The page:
The retraction comes after the authors discovered problems with three of the study figures. In the corrected paper, the authors were able to validate some of their findings after repeating the experiments, but retracted two of the study figures that they were “unable to verify.”
Journals have retracted three out of the four papers flagged by the Office of Research Integrity during its investigation of a University of Oregon neuroscience student, David Anderson.
Last month, when we first reported on the case, Anderson told us that he “made an error in judgment,” and took “full responsibility.” Two of the retraction notes say that Anderson “knowingly falsified data,” and cited the Office of Research Integrity case summary.
All three papers focus on memory.
The note for the first retraction, from the Journal of Experimental Psychology: Human Perception and Performance, reveals exactly how Anderson falsified data in the paper. It’s paywalled — tsk, tsk — but printed here in full:
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It began with a retraction due to a “misstatement” in November 2012, which led to an investigation that found the first author, James E. Hunton, guilty of misconduct. Now, the floodgates have opened, and Hunton has 31 retractions under his belt, making him the newest addition to the Retraction Watch leaderboard.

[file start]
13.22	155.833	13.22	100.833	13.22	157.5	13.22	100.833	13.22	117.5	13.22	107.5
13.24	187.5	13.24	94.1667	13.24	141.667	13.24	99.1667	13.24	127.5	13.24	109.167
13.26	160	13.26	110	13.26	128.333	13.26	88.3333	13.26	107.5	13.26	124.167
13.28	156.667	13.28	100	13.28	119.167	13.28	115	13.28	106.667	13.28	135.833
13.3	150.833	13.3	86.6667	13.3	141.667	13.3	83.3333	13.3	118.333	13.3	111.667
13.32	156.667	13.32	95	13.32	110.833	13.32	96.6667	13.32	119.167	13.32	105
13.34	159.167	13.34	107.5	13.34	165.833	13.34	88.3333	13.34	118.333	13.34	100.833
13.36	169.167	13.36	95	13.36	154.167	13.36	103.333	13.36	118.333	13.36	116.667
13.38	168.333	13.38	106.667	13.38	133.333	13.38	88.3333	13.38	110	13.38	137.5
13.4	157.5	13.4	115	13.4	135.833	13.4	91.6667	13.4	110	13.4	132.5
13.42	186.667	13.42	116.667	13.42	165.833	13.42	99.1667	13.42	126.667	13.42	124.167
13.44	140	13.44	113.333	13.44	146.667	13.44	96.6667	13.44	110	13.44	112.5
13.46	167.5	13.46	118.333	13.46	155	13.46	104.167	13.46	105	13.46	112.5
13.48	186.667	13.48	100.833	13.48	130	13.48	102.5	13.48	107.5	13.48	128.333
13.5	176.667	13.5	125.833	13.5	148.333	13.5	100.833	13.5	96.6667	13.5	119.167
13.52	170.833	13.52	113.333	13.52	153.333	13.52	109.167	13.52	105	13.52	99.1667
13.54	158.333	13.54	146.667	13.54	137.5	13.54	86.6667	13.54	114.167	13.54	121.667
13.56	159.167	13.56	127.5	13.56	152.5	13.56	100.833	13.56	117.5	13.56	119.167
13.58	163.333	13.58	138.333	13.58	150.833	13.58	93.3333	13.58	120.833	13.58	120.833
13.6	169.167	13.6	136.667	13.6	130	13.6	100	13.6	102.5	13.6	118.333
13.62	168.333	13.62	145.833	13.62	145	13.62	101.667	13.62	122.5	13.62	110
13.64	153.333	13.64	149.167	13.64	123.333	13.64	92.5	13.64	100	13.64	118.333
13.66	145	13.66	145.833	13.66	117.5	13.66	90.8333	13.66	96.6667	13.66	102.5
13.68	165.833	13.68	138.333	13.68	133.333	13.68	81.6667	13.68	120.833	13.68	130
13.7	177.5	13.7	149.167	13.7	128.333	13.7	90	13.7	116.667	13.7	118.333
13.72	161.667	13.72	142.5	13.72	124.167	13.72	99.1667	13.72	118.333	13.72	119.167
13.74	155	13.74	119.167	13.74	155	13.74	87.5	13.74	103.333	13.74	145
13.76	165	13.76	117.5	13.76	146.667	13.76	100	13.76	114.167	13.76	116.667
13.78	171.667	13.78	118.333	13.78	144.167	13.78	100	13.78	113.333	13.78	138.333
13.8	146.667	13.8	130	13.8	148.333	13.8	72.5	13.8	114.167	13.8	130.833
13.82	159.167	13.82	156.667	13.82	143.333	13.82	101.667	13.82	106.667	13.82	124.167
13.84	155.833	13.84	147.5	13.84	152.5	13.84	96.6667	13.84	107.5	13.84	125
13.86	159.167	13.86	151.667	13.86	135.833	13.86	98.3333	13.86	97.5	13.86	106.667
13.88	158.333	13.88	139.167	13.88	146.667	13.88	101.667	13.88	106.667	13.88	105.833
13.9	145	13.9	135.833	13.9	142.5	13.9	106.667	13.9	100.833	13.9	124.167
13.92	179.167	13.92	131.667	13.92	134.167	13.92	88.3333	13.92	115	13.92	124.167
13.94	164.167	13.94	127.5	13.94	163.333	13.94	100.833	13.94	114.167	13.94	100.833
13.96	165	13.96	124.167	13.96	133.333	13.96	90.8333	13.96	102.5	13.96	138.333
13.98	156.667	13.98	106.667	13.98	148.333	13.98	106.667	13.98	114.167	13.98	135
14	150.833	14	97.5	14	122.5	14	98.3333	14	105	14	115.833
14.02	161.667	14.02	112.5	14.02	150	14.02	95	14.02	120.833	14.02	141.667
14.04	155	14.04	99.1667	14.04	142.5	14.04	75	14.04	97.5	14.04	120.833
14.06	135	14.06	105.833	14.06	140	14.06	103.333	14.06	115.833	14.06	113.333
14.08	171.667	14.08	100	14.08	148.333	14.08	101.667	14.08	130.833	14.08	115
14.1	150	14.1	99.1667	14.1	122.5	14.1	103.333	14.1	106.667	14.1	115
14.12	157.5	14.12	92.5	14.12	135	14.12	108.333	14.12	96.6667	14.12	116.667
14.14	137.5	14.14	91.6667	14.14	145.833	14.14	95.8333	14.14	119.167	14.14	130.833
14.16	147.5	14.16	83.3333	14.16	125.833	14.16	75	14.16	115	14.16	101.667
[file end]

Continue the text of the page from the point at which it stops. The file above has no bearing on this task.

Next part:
A month after the first retraction in 2012, Hunton resigned from his accounting professorship at Bentley University, citing family and health concerns.
Then, in 2014, a university investigation concluded that Hunton fabricated data in two papers and may have destroyed evidence. The first paper was the one retracted from Accounting Review for a misstatement; the second was retracted from Contemporary Accounting Research in December 2014. Even though the investigation centered around two publications, the university suggested more may be affected:
They realized their mistake soon after the article, “RNA transcripts of full-length cDNA clones of rabbit hepatitis E virus are infectious in rabbits,” was published online in the Journal of General Virology in November, 2014. They withdrew the article before it made it into print.
The article came from a group led by Xiang-Jin Meng, of the Virginia-Maryland College of Veterinary Medicine, an offshoot of Virginia Tech and the University of Maryland.
As every mushroom lover knows, weekend mycology is no sport for the lily-livered. Tasty species often look awfully like their deadly cousins. Turns out, typing can even be problematic for the experts.
The paper, “Chemical constituents: water-soluble vitamins, free amino acids and sugar profile from Ganoderma adspersum,” was written by Ibrahim Kivrak, a food chemist at Mugla Sitki Kocman University in Mugla, Turkey. It analyzed the nutritional components of G. adspersum, and found, per the abstract:
The Journal of Immunology is retracting a 2006 article about the role of exosomes in pregnancy at the behest of the University of Louisville in Kentucky, following a misconduct investigation that “determined multiple figures” in the paper were falsified.
The retracted paper identified “significant quantitative and qualitative differences in released exosomes” in the placentas of fetuses delivered prematurely compared to those delivered without complications at term, particularly relating to immune regulation. It has been cited 150 times, according to Thomson Scientific’s Web of Knowledge.